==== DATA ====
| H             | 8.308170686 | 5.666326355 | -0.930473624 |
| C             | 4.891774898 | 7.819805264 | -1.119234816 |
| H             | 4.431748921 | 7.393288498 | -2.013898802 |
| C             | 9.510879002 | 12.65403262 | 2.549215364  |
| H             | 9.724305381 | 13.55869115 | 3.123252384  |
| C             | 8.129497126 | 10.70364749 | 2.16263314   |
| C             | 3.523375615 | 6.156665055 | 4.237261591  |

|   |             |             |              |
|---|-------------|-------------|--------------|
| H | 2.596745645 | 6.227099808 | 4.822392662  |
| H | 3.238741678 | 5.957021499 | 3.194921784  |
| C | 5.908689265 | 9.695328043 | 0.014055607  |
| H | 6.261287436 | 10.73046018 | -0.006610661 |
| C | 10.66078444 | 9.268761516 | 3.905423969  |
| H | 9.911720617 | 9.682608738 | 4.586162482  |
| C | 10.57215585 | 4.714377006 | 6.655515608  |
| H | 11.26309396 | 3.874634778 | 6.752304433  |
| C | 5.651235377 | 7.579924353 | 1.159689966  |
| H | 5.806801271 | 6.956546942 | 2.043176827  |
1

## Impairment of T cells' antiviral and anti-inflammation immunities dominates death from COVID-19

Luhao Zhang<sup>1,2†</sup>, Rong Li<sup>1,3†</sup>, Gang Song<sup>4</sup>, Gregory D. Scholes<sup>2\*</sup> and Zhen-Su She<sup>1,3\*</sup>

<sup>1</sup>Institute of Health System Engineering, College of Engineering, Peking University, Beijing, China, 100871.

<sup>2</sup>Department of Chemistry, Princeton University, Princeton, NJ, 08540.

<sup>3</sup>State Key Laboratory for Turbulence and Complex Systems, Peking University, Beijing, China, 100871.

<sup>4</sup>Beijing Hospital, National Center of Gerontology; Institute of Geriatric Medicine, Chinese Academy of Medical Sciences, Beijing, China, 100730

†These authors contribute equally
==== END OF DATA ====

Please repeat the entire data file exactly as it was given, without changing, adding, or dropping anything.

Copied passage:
| H             | 8.308170686 | 5.666326355 | -0.930473624 |
| C             | 4.891774898 | 7.819805264 | -1.119234816 |
| H             | 4.431748921 | 7.393288498 | -2.013898802 |
| C             | 9.510879002 | 12.65403262 | 2.549215364  |
| H             | 9.724305381 | 13.55869115 | 3.123252384  |
| C             | 8.129497126 | 10.70364749 | 2.16263314   |
| C             | 3.523375615 | 6.156665055 | 4.237261591  |

|   |             |             |              |
|---|-------------|-------------|--------------|
| H | 2.596745645 | 6.227099808 | 4.822392662  |
| H | 3.238741678 | 5.957021499 | 3.194921784  |
| C | 5.908689265 | 9.695328043 | 0.014055607  |
| H | 6.261287436 | 10.73046018 | -0.006610661 |
| C | 10.66078444 | 9.268761516 | 3.905423969  |
| H | 9.911720617 | 9.682608738 | 4.586162482  |
| C | 10.57215585 | 4.714377006 | 6.655515608  |
| H | 11.26309396 | 3.874634778 | 6.752304433  |
| C | 5.651235377 | 7.579924353 | 1.159689966  |
| H | 5.806801271 | 6.956546942 | 2.043176827  |
1

## Impairment of T cells' antiviral and anti-inflammation immunities dominates death from COVID-19

Luhao Zhang<sup>1,2†</sup>, Rong Li<sup>1,3†</sup>, Gang Song<sup>4</sup>, Gregory D. Scholes<sup>2\*</sup> and Zhen-Su She<sup>1,3\*</sup>

<sup>1</sup>Institute of Health System Engineering, College of Engineering, Peking University, Beijing, China, 100871.

<sup>2</sup>Department of Chemistry, Princeton University, Princeton, NJ, 08540.

<sup>3</sup>State Key Laboratory for Turbulence and Complex Systems, Peking University, Beijing, China, 100871.

<sup>4</sup>Beijing Hospital, National Center of Gerontology; Institute of Geriatric Medicine, Chinese Academy of Medical Sciences, Beijing, China, 100730

†These authors contribute equally